Fellowship funds Hershberger’s look at photography’s ‘dark side’
Traditionally, photographic negatives are seen as the step between taking the photo and printing it, the raw material with which the photographer works to achieve the desired result.
Dr. Andrew Hershberger
But a number of photographers have experimented with using the negative itself—that reversed image—to create striking results. Dr. Andrew Hershberger, art history, has long been interested in the negative print and will further his study of the art form and the artists who create it with a Coleman Dowell Fellowship for Study on Experimental Works this summer at New York University.
He will use the $2,500 grant to continue his project on “The Dark Side of Photography,” studying the work of negative-print artist David Wojnarowicz. A New York artist who died in 1992, Wojnarowicz embraced the negative print as a regular format in his work. Hershberger will conduct his research in the David Wojnarowicz Archive at NYU’s Fales Library and Special Collections.
The new research is an expansion of the work he began with a 2004 Ansel Adams Research Fellowship at the University of Arizona’s Center for Creative Photography, a collection with hundreds of negative prints by numerous artists. Hershberger now plans to delve into Wojnarowicz's papers, correspondence, negatives and negative prints with an eye toward discovering why this artist chose to work with negative imagery, what impact he thought it would have on the viewer, and how he might have seen the history of that process in relation to his own approach. Ultimately, Hershberger will try to identify a "general" theory of the negative print for a future publication and/or exhibition.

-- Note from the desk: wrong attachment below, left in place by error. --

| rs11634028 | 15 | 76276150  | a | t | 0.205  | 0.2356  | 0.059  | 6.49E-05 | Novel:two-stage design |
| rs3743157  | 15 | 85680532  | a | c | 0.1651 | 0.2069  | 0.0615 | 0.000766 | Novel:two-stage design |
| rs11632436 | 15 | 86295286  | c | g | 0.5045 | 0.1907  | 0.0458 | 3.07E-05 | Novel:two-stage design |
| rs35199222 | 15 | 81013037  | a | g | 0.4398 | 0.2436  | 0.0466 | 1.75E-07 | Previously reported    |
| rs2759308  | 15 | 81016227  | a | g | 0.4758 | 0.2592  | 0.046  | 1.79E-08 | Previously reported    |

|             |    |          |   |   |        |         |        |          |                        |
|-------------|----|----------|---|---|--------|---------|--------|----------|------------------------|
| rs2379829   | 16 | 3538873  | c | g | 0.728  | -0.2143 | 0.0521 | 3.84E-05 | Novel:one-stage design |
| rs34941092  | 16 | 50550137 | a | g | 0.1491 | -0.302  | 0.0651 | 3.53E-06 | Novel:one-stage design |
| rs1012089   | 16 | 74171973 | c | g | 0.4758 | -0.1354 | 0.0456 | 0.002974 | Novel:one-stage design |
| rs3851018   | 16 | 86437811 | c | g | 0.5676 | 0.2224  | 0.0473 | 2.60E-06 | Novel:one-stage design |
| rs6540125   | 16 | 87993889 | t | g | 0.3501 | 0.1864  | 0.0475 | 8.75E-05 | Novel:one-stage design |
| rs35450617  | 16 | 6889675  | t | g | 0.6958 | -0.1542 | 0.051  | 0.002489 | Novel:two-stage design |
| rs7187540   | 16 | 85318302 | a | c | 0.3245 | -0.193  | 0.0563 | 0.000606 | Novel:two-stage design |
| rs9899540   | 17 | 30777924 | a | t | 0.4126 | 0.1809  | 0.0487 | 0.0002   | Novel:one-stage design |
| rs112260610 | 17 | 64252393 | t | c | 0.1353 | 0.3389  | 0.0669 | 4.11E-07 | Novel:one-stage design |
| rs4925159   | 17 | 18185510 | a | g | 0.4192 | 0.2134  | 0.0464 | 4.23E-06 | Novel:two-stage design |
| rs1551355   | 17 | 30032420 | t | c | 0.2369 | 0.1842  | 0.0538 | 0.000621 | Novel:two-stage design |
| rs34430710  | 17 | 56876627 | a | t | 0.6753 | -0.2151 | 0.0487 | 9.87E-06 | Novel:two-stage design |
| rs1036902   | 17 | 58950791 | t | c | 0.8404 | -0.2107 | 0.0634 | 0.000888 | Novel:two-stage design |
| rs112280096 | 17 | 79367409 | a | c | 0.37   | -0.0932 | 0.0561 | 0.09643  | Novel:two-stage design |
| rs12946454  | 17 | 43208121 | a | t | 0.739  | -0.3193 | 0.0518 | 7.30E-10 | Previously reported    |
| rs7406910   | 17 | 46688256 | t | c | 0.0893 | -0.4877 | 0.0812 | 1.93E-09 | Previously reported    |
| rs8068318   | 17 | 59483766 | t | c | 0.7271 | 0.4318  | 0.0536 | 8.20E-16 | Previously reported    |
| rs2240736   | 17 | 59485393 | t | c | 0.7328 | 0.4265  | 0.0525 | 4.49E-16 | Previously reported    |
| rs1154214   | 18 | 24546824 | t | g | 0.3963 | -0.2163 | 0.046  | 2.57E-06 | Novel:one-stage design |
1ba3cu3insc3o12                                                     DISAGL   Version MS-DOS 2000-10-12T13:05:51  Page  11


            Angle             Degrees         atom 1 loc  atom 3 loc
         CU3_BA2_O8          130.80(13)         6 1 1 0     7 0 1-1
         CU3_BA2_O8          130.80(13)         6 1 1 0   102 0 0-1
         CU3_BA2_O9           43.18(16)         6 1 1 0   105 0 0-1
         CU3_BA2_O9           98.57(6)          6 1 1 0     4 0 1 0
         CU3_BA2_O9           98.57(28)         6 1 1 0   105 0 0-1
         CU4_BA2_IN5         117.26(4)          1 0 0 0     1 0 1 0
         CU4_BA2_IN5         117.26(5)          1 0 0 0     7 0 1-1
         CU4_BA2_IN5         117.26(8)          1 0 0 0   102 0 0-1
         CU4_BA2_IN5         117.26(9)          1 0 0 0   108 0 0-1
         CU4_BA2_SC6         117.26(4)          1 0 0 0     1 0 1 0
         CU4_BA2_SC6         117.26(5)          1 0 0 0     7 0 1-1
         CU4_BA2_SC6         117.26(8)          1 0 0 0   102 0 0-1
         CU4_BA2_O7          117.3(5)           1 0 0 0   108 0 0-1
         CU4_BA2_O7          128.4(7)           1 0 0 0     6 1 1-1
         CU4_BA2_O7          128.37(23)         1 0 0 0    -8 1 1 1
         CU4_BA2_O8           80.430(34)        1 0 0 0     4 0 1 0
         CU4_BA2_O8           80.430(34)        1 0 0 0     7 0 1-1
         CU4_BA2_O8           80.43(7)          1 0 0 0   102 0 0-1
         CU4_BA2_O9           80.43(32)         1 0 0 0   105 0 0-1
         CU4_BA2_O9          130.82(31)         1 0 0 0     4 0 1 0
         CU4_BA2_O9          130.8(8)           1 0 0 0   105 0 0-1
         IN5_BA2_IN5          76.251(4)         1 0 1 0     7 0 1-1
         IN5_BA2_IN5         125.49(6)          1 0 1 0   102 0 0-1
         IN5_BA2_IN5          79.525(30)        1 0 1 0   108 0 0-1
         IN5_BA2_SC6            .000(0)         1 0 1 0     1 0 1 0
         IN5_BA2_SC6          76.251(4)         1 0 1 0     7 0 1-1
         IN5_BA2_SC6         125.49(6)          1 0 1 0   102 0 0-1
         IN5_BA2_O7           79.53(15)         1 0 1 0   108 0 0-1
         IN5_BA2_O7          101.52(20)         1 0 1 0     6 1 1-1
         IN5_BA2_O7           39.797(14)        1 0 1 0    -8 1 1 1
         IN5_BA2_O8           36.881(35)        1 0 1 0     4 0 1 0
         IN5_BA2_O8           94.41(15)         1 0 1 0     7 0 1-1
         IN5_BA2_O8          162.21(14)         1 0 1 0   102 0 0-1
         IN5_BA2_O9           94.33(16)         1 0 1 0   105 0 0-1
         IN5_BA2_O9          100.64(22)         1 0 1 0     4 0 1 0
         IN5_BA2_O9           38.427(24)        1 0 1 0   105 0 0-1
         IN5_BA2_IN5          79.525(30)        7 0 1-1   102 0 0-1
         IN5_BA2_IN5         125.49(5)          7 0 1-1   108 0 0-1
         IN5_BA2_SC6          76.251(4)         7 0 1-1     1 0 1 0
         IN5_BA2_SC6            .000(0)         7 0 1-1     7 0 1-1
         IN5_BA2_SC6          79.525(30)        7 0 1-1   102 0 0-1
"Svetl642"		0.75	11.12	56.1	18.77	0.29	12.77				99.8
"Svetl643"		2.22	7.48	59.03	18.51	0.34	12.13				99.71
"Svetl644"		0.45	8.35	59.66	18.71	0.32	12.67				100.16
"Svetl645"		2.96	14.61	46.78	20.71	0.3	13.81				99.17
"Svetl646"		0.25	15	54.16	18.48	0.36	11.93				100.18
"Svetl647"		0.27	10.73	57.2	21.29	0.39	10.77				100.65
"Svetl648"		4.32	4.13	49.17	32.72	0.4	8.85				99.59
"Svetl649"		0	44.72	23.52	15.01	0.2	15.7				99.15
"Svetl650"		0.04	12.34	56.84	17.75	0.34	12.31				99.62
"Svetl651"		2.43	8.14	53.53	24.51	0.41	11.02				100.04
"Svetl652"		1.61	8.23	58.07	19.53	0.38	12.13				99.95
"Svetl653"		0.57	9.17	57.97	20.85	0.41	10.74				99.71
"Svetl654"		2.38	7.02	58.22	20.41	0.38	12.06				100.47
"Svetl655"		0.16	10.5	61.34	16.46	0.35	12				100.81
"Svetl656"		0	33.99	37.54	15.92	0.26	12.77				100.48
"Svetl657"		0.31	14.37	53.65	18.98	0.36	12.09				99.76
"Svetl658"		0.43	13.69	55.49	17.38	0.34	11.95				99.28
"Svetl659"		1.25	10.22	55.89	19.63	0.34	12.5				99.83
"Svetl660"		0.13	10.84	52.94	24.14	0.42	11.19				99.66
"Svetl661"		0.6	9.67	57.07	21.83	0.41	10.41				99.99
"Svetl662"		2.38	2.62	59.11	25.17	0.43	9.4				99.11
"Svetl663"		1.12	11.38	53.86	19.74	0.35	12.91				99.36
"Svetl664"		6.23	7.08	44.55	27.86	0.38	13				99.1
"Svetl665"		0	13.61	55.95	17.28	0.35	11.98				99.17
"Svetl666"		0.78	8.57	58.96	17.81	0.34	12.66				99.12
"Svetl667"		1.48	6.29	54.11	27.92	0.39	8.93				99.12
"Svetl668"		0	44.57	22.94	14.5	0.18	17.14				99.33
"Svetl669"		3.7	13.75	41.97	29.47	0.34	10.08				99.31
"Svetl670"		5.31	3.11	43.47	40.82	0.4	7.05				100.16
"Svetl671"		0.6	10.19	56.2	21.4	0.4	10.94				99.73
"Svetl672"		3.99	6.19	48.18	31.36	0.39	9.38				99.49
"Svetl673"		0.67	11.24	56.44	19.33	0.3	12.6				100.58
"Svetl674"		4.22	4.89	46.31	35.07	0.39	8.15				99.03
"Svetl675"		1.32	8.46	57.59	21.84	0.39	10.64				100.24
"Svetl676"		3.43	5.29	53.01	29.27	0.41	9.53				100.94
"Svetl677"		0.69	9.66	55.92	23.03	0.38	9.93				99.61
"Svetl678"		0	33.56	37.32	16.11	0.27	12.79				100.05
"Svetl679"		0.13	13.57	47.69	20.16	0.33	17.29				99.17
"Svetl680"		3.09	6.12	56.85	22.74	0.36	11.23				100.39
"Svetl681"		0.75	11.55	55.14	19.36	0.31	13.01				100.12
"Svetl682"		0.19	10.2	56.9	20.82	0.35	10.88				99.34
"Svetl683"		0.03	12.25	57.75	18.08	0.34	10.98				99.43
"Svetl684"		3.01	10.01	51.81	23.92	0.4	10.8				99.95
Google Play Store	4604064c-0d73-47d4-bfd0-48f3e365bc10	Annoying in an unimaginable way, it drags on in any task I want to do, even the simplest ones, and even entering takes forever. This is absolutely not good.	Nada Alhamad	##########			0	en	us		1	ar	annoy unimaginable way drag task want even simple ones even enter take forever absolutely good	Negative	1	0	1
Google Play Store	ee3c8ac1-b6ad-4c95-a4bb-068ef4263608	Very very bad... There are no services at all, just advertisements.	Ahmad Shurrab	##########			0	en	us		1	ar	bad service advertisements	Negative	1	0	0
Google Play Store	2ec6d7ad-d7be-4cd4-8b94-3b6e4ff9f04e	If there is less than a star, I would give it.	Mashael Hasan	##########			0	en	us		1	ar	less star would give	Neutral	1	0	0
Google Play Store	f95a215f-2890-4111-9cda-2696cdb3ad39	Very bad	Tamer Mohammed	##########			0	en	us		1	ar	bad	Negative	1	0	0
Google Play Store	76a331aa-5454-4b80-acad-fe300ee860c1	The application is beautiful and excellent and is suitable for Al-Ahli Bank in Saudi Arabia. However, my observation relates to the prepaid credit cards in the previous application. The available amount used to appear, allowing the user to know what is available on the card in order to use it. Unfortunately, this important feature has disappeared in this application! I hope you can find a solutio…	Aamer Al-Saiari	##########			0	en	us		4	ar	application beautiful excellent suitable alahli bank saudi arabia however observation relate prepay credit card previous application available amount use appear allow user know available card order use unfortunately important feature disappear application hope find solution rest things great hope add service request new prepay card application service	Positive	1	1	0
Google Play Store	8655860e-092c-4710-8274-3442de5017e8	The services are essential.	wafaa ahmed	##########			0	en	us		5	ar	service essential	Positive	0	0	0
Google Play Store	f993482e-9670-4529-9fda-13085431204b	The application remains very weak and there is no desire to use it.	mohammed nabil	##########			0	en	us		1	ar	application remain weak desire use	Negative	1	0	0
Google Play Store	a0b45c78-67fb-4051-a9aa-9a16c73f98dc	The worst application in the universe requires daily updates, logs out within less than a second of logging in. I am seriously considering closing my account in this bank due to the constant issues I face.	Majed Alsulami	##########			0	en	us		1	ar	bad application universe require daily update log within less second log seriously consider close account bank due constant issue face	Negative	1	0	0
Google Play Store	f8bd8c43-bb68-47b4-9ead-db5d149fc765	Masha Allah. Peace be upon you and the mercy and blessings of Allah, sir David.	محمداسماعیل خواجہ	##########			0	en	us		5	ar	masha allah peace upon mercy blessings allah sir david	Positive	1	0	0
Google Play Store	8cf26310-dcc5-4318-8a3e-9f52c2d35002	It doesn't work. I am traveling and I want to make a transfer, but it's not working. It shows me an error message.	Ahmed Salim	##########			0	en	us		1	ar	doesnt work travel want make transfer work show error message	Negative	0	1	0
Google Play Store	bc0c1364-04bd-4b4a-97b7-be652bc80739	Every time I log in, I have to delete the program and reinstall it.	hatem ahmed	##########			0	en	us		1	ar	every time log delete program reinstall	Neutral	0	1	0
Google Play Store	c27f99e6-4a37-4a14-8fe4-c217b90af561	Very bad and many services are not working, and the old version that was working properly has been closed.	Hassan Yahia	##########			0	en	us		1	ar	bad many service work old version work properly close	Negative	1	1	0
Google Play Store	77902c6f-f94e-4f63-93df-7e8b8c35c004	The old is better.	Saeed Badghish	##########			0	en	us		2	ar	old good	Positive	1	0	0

Named after the postmodern novelist, the Coleman Dowell Fellowship enables visiting scholars to do in-depth research with the Fales collections, which are a major repository for New York experimental work.
A contemporary art history specialist, Hershberger wrote in his doctoral dissertation about mid-20th-century American photographer Minor White’s use of negative images. He has been a BGSU faculty member since 2001, the same year he earned his Ph.D. in art and archeology at Princeton University. He received a bachelor of fine arts degree from the University of Arizona and master’s degrees from the University of Chicago and Princeton.
From 1998-2001, Hershberger was curatorial and research assistant and cataloger at the Photography Study Center at Princeton’s University Art Museum. He has co-curated three photography exhibitions there, and his photographs and short films have been part of gallery shows and screenings elsewhere. He has been honored by the American Institute of Architects for his photographs.
February 5, 2007